Will Tesla, GM, and Nissan Get a Second Shot at EV Tax Credits?

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A proposed expansion of the $7,500 electric vehicle tax credit has become another polarizing issue, both for fiscal conservatives (“boondoggle … don’t need it”) and liberals and environmental advocates (“an important tool to slow climate change”). It is of greatest interest to Tesla and General Motors, which have already hit the cap. GM is still in the wind-down phase, with a maximum one-quarter credit, or $1,875, for the six months starting next month. Nissan will likely hit the cap in 2-3 years. Ford and Toyota may get there by 2025.

A proposal in front of Congress would expand the tax credit by another 400,000 vehicles per automaker for a total of 600,000. The maximum tax credit would become $7,000, not $7,500, and it would continue t0 apply to purely electric vehicles as well as to plug-in hybrids, but not to hybrids that only go a mile or two on battery power.

Tesla and GM are already over the current cap of 200,000 vehicles eligible for a $7,500 (max) federal tax credit. The site evadoption.com estimates Nissan will get there in 2022 or 2023.

Bill Before Congress

Tax credits for electric vehicles and plug-in hybrids have been available since 2010. Tesla, by far the largest seller of EVs in the US, has maxed out is tax credit allocation, and General Motors is winding down its tax credits during a 12-month phaseout period. (See below for more details.)

In April, Senators Debbie Stabenow (D-MI), Lamar Alexander (R-TN), Gary Peters (D-MI), and Susan Collins (R-ME), along with Congressman Dan Kildee (D-MI), introduced the Driving America Forward Act that would extend the phaseout of the federal EV tax credit.  The legislation, if enacted, could include cars purchased between the phaseouts for Tesla and GM. Or not. Or it could be a partial credit, as people bought with little expectation of getting tax credit money. (But legislation with no provision for interim-period credits would drive EV sales close to zero in the months before passage.)

Proponents say the tax credits help drive buyers toward cleaner electrified vehicles during the period when battery technology is still costly. They note the government subsidizes other forms of energy-reducing transportation such as buses and commuter rail. There are subsidies for rebates for efficient houses, furnaces, appliances, and even light bulbs. (Some LED bulbs after energy company rebates are little more than $1 a bulb.)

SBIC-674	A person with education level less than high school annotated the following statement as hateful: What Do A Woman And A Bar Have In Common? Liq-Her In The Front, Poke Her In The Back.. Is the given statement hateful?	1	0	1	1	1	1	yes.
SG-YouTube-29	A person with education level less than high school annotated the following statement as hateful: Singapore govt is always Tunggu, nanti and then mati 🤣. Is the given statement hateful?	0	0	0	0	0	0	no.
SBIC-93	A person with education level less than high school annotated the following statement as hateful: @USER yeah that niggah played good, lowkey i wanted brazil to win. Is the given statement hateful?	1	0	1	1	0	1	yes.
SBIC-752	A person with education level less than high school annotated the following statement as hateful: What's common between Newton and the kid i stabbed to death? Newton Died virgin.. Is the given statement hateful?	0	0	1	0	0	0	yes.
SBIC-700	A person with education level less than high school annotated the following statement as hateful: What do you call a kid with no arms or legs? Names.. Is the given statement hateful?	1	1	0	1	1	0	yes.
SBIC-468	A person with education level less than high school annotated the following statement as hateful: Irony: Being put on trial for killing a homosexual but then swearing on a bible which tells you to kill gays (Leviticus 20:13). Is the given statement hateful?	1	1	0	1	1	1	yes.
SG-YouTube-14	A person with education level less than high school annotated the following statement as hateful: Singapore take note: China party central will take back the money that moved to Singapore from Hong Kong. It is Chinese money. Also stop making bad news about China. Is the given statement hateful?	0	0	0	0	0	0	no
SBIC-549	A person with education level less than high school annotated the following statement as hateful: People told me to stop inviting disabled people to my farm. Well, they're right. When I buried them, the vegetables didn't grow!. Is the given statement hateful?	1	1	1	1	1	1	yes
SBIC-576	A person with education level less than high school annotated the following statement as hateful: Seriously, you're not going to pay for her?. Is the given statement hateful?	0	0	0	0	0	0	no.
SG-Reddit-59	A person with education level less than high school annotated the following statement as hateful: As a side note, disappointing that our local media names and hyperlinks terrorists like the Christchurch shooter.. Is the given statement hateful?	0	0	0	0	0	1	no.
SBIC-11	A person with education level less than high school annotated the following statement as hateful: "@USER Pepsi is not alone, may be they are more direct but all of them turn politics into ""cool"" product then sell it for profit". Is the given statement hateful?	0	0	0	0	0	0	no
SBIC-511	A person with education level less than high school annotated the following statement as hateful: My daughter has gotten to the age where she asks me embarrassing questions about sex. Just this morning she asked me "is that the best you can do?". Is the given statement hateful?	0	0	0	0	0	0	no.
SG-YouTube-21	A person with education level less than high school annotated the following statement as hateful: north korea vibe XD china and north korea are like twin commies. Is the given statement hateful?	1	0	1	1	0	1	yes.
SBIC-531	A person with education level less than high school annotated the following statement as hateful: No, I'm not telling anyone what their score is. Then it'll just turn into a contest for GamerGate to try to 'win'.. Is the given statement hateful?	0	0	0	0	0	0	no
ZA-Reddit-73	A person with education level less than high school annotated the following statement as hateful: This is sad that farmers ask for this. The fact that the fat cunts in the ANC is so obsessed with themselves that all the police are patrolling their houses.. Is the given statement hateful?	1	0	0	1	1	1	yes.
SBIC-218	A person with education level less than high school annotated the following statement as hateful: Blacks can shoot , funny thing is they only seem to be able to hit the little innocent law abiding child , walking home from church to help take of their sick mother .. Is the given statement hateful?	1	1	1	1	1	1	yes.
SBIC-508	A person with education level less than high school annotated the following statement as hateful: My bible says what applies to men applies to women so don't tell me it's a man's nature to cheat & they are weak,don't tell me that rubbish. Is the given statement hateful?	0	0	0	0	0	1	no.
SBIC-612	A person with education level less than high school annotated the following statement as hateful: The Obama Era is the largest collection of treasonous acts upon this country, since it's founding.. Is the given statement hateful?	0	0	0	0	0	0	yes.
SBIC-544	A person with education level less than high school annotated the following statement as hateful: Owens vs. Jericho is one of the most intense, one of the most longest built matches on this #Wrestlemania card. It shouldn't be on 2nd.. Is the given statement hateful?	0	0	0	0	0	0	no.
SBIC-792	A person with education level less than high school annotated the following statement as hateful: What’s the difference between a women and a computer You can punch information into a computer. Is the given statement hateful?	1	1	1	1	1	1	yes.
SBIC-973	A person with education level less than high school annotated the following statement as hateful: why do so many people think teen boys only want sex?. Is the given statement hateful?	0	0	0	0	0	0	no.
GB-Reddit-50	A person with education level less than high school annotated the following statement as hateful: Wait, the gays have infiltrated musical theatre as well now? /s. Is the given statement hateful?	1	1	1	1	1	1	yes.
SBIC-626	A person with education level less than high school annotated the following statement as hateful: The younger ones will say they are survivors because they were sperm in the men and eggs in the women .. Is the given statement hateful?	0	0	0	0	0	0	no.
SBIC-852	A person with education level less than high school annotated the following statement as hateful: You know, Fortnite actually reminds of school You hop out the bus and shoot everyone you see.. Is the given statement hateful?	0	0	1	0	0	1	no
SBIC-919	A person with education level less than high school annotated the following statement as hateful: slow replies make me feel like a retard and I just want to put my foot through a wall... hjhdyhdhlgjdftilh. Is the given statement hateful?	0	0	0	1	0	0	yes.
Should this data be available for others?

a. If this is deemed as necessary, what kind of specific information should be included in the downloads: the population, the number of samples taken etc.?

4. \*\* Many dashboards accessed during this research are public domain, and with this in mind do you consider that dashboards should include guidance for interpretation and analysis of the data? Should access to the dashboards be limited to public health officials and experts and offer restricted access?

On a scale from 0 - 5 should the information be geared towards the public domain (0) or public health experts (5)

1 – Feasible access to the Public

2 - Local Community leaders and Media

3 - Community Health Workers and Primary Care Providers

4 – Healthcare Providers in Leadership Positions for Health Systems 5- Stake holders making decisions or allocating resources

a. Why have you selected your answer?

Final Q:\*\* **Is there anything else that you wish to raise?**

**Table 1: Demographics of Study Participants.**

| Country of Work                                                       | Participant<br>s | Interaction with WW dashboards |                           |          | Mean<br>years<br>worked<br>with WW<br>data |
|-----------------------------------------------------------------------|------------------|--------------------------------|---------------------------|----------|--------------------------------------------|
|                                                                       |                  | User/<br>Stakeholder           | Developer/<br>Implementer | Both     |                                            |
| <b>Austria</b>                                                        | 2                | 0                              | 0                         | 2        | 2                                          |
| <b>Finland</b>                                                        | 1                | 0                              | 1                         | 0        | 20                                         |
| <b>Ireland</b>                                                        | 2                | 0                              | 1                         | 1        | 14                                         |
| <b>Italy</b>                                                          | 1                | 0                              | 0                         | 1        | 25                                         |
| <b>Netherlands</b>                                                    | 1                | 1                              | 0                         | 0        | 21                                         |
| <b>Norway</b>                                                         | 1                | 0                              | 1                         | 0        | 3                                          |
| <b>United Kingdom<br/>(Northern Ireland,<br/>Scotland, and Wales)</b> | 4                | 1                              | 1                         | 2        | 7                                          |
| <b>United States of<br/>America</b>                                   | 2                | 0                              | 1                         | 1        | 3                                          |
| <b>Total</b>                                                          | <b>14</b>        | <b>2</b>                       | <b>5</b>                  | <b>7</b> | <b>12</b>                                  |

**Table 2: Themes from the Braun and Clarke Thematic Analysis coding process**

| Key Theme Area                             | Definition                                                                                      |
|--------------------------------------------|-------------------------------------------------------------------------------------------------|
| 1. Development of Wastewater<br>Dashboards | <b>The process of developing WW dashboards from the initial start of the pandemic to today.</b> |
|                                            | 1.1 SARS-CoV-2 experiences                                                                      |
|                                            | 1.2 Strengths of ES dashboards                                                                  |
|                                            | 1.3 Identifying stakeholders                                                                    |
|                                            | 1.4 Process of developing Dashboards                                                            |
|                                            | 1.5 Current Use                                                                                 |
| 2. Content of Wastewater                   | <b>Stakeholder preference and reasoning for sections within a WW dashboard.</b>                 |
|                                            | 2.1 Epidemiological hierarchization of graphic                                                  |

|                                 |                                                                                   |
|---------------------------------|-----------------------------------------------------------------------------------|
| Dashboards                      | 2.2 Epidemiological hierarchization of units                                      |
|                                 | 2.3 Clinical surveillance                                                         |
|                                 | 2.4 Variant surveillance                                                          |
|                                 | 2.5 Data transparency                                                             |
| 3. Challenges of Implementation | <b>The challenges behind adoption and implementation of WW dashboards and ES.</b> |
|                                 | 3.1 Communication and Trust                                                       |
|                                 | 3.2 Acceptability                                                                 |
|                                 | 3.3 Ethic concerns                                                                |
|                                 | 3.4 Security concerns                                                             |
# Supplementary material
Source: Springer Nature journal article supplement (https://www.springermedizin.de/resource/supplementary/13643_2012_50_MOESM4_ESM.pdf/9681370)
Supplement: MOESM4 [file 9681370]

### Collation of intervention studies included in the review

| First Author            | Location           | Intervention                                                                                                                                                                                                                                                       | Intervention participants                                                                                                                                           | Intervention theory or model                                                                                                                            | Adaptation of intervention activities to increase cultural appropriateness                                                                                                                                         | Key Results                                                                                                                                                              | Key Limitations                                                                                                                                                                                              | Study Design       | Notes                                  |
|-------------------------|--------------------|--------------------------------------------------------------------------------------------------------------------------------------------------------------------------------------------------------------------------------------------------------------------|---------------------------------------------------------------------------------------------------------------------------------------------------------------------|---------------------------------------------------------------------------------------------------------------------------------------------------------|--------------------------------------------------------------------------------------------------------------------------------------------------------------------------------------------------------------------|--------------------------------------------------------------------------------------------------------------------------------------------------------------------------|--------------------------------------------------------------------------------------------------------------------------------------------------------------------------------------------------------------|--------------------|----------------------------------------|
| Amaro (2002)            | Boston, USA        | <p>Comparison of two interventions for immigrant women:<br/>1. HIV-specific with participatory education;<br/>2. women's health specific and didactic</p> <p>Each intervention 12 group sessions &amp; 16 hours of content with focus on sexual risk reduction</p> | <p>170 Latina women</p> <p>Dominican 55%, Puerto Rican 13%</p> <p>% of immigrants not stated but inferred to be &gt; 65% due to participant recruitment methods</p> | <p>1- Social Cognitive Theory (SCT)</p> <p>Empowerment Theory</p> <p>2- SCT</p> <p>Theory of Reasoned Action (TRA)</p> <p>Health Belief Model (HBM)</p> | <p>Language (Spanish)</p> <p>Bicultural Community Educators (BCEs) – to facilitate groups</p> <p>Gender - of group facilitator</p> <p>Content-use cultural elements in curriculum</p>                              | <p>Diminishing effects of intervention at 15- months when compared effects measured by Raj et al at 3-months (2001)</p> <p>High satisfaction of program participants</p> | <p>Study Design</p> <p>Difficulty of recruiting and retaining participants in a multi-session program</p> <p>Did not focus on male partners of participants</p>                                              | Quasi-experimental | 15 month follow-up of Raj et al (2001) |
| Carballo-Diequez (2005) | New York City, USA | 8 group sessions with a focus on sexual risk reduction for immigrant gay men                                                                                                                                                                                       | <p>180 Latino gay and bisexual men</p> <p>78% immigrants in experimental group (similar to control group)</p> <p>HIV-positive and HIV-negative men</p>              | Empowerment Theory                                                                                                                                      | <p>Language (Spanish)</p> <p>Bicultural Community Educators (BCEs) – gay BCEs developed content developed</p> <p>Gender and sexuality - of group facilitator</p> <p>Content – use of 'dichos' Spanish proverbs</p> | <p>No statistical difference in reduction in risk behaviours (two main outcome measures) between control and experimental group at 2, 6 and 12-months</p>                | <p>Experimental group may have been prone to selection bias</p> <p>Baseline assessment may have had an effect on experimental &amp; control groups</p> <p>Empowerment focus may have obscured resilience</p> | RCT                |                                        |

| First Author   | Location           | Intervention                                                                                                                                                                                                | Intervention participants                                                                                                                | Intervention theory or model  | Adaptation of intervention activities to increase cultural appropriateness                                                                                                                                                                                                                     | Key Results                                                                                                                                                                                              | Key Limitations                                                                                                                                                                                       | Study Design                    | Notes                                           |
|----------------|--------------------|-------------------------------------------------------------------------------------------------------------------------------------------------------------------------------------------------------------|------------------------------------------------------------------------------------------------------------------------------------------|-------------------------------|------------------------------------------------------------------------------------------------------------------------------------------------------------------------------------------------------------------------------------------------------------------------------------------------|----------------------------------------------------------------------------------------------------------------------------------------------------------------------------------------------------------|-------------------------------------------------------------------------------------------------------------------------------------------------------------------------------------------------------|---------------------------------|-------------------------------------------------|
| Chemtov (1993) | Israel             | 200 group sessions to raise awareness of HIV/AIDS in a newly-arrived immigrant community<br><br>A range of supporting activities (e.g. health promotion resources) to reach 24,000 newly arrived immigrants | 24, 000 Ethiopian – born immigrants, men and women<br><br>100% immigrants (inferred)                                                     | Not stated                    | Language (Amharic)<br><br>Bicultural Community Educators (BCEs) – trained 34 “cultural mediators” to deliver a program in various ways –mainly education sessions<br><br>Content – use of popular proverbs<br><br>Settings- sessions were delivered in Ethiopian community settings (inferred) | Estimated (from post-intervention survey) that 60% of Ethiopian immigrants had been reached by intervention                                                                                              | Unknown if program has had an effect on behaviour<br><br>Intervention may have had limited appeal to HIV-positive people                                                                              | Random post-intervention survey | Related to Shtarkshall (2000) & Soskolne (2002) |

While critics blame President Obama, the tax credit was passed in the George W. Bush administration, in the Energy Improvement and Extension Act of 2008.

“Washington has been underwriting EVs for nearly 30 years,” a Sept. 3 Wall Street Journal charges.

“It’s hard to imagine a more blatant income transfer for the well-to-do,” says a Sept. 3 Wall Street Journal, adding, “Washington has been underwriting EVs for nearly 30 years.” Critics of EV tax credits include people who say the government shouldn’t be in the business of shaping buying decisions. Others — fewer each year — say climate change/global warming is a hoax. The foes got a boost this week with a Wall Street Journal lead editorial, “Subsidize My Electric Car, Please,” that claimed the tax credits mainly benefit the wealthy and that market forces should decide the fate of EVs.  Separately, Senator John Barrasso (R-Wyoming) sent a letter to GOP senators urging them not to extend the EV tax credit.

Pro-EV credits people say the WSJ editorial made assertions that bear Snopes-style fact-checking, such as that “Washington has been underwriting EVs for nearly 30 years” and claiming it’s a “blatant income transfer for the well-to-do [of EVs, which have] a starting price of around $36,000.” Facts are slippery things. The feds have underwritten energy research (many kinds) for decades, but the first EV/PHEV credits weren’t until 2010. The average vehicle in 2018 sold for about $38,000 (per Kelly Blue Book), including options. Also, while four in five EVs sell to people with household incomes over $100,000 (in 2016), many were higher-priced Teslas like the Model S and X. Also, the majority of EV transactions are leases where it’s hard to determine income.

A more valuable piece of information would be to know the income of people acquiring mainstream EVs such as the Nissan Leaf, Volkswagen e-Golf, Chevrolet Bolt EV, and Hyundai Kona Electric.

If legislation does pass — and it is not currently being fast-tracked — it’s possible the backers might agree to a reduced or zero tax credit for costly EVs. If somebody buys or leases a Porsche Taycan EV — starting price $152,000 — it’s safe to say they are not in the mainstream of American wage-earners. Legislation also faces uncertain odds of being signed by the President. EV credits flow especially to staunch blue states such as California more than, say, West Virginia (the reddest state of the 2016 election). For tax credit backers, the long game may be waiting to see which way the nation votes in 2020. If the Senate, House, and President all go Democratic, the odds of a tax credit reinstatement are higher. The winning arguments may revolve around climate change issues and supporting new technologies.